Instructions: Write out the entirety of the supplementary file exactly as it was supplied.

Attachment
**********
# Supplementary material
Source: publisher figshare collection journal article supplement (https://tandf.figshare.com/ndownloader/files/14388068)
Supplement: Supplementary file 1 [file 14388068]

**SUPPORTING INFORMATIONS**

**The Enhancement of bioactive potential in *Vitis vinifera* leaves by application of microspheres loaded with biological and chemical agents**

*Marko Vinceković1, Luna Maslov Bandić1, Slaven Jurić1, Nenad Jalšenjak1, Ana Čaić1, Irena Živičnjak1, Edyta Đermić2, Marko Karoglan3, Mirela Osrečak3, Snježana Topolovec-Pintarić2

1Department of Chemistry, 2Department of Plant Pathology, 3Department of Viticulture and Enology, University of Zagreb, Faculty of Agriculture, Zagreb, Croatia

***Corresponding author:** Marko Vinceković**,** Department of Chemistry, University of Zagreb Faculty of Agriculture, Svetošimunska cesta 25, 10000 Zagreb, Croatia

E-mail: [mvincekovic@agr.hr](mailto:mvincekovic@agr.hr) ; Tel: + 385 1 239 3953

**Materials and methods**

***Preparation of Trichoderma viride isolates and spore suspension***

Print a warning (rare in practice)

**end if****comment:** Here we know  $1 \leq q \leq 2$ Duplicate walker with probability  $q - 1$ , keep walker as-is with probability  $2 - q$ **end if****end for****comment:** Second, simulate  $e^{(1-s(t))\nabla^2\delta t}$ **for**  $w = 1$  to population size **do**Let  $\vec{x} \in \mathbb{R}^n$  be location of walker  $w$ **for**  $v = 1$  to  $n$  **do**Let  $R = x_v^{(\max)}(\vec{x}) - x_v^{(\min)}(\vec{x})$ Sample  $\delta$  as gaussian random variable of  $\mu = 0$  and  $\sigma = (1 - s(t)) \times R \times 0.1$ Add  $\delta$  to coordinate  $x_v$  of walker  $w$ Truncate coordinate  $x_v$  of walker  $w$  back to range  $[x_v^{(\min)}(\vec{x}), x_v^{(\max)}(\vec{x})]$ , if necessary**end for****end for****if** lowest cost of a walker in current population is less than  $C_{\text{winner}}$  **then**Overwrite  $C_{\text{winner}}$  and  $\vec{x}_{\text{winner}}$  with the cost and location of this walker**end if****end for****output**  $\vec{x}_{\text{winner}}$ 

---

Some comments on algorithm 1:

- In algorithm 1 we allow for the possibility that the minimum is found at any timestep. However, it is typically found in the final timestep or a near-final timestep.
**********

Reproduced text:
# Supplementary material
Source: publisher figshare collection journal article supplement (https://tandf.figshare.com/ndownloader/files/14388068)
Supplement: Supplementary file 1 [file 14388068]

**SUPPORTING INFORMATIONS**

**The Enhancement of bioactive potential in *Vitis vinifera* leaves by application of microspheres loaded with biological and chemical agents**

*Marko Vinceković1, Luna Maslov Bandić1, Slaven Jurić1, Nenad Jalšenjak1, Ana Čaić1, Irena Živičnjak1, Edyta Đermić2, Marko Karoglan3, Mirela Osrečak3, Snježana Topolovec-Pintarić2

1Department of Chemistry, 2Department of Plant Pathology, 3Department of Viticulture and Enology, University of Zagreb, Faculty of Agriculture, Zagreb, Croatia

***Corresponding author:** Marko Vinceković**,** Department of Chemistry, University of Zagreb Faculty of Agriculture, Svetošimunska cesta 25, 10000 Zagreb, Croatia

E-mail: [mvincekovic@agr.hr](mailto:mvincekovic@agr.hr) ; Tel: + 385 1 239 3953

**Materials and methods**

***Preparation of Trichoderma viride isolates and spore suspension***

Print a warning (rare in practice)

**end if****comment:** Here we know  $1 \leq q \leq 2$ Duplicate walker with probability  $q - 1$ , keep walker as-is with probability  $2 - q$ **end if****end for****comment:** Second, simulate  $e^{(1-s(t))\nabla^2\delta t}$ **for**  $w = 1$  to population size **do**Let  $\vec{x} \in \mathbb{R}^n$  be location of walker  $w$ **for**  $v = 1$  to  $n$  **do**Let  $R = x_v^{(\max)}(\vec{x}) - x_v^{(\min)}(\vec{x})$ Sample  $\delta$  as gaussian random variable of  $\mu = 0$  and  $\sigma = (1 - s(t)) \times R \times 0.1$ Add  $\delta$  to coordinate  $x_v$  of walker  $w$ Truncate coordinate  $x_v$  of walker  $w$  back to range  $[x_v^{(\min)}(\vec{x}), x_v^{(\max)}(\vec{x})]$ , if necessary**end for****end for****if** lowest cost of a walker in current population is less than  $C_{\text{winner}}$  **then**Overwrite  $C_{\text{winner}}$  and  $\vec{x}_{\text{winner}}$  with the cost and location of this walker**end if****end for****output**  $\vec{x}_{\text{winner}}$ 

---

Some comments on algorithm 1:

- In algorithm 1 we allow for the possibility that the minimum is found at any timestep. However, it is typically found in the final timestep or a near-final timestep.